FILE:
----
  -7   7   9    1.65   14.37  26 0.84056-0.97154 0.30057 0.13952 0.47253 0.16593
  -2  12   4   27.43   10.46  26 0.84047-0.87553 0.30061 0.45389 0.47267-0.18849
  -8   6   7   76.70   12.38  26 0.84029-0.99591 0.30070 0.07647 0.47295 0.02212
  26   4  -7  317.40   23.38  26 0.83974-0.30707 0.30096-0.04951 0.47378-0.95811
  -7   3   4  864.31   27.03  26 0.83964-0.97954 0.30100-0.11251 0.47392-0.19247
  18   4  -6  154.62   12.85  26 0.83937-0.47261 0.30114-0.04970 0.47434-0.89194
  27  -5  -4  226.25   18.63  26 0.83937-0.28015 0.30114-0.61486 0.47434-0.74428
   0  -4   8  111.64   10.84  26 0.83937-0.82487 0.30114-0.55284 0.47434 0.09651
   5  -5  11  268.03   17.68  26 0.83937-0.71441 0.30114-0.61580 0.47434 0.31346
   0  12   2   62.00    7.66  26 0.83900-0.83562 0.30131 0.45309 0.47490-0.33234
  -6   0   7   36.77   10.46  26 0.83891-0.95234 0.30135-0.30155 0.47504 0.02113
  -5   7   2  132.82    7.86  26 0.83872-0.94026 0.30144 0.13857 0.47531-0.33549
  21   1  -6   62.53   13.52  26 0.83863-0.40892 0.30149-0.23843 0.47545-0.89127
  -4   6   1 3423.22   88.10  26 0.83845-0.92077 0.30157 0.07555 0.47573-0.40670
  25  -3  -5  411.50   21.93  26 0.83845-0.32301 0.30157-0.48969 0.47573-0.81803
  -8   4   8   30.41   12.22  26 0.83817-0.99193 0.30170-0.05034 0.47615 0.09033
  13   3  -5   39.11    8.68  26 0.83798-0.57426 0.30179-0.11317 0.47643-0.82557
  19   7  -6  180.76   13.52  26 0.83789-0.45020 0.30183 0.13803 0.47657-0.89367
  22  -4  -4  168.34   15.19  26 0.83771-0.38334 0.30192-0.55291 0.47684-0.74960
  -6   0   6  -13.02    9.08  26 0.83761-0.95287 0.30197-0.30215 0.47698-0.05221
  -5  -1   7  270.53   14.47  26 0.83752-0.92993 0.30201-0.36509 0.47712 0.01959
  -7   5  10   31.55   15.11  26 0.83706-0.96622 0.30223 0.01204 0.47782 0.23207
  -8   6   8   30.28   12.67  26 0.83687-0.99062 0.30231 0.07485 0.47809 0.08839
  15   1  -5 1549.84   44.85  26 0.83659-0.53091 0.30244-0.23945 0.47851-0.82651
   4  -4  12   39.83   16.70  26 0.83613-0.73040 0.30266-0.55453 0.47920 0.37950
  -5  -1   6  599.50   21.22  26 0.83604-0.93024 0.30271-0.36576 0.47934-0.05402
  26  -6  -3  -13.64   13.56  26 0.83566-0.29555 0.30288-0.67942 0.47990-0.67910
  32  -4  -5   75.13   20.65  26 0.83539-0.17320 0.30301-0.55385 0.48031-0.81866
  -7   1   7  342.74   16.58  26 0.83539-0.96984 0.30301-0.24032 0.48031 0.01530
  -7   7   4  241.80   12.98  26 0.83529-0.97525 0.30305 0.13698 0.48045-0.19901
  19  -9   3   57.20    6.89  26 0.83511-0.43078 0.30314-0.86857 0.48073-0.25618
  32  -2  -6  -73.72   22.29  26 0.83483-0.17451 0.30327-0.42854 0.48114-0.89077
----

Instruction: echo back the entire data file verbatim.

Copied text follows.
  -7   7   9    1.65   14.37  26 0.84056-0.97154 0.30057 0.13952 0.47253 0.16593
  -2  12   4   27.43   10.46  26 0.84047-0.87553 0.30061 0.45389 0.47267-0.18849
  -8   6   7   76.70   12.38  26 0.84029-0.99591 0.30070 0.07647 0.47295 0.02212
  26   4  -7  317.40   23.38  26 0.83974-0.30707 0.30096-0.04951 0.47378-0.95811
  -7   3   4  864.31   27.03  26 0.83964-0.97954 0.30100-0.11251 0.47392-0.19247
  18   4  -6  154.62   12.85  26 0.83937-0.47261 0.30114-0.04970 0.47434-0.89194
  27  -5  -4  226.25   18.63  26 0.83937-0.28015 0.30114-0.61486 0.47434-0.74428
   0  -4   8  111.64   10.84  26 0.83937-0.82487 0.30114-0.55284 0.47434 0.09651
   5  -5  11  268.03   17.68  26 0.83937-0.71441 0.30114-0.61580 0.47434 0.31346
   0  12   2   62.00    7.66  26 0.83900-0.83562 0.30131 0.45309 0.47490-0.33234
  -6   0   7   36.77   10.46  26 0.83891-0.95234 0.30135-0.30155 0.47504 0.02113
  -5   7   2  132.82    7.86  26 0.83872-0.94026 0.30144 0.13857 0.47531-0.33549
  21   1  -6   62.53   13.52  26 0.83863-0.40892 0.30149-0.23843 0.47545-0.89127
  -4   6   1 3423.22   88.10  26 0.83845-0.92077 0.30157 0.07555 0.47573-0.40670
  25  -3  -5  411.50   21.93  26 0.83845-0.32301 0.30157-0.48969 0.47573-0.81803
  -8   4   8   30.41   12.22  26 0.83817-0.99193 0.30170-0.05034 0.47615 0.09033
  13   3  -5   39.11    8.68  26 0.83798-0.57426 0.30179-0.11317 0.47643-0.82557
  19   7  -6  180.76   13.52  26 0.83789-0.45020 0.30183 0.13803 0.47657-0.89367
  22  -4  -4  168.34   15.19  26 0.83771-0.38334 0.30192-0.55291 0.47684-0.74960
  -6   0   6  -13.02    9.08  26 0.83761-0.95287 0.30197-0.30215 0.47698-0.05221
  -5  -1   7  270.53   14.47  26 0.83752-0.92993 0.30201-0.36509 0.47712 0.01959
  -7   5  10   31.55   15.11  26 0.83706-0.96622 0.30223 0.01204 0.47782 0.23207
  -8   6   8   30.28   12.67  26 0.83687-0.99062 0.30231 0.07485 0.47809 0.08839
  15   1  -5 1549.84   44.85  26 0.83659-0.53091 0.30244-0.23945 0.47851-0.82651
   4  -4  12   39.83   16.70  26 0.83613-0.73040 0.30266-0.55453 0.47920 0.37950
  -5  -1   6  599.50   21.22  26 0.83604-0.93024 0.30271-0.36576 0.47934-0.05402
  26  -6  -3  -13.64   13.56  26 0.83566-0.29555 0.30288-0.67942 0.47990-0.67910
  32  -4  -5   75.13   20.65  26 0.83539-0.17320 0.30301-0.55385 0.48031-0.81866
  -7   1   7  342.74   16.58  26 0.83539-0.96984 0.30301-0.24032 0.48031 0.01530
  -7   7   4  241.80   12.98  26 0.83529-0.97525 0.30305 0.13698 0.48045-0.19901
  19  -9   3   57.20    6.89  26 0.83511-0.43078 0.30314-0.86857 0.48073-0.25618
  32  -2  -6  -73.72   22.29  26 0.83483-0.17451 0.30327-0.42854 0.48114-0.89077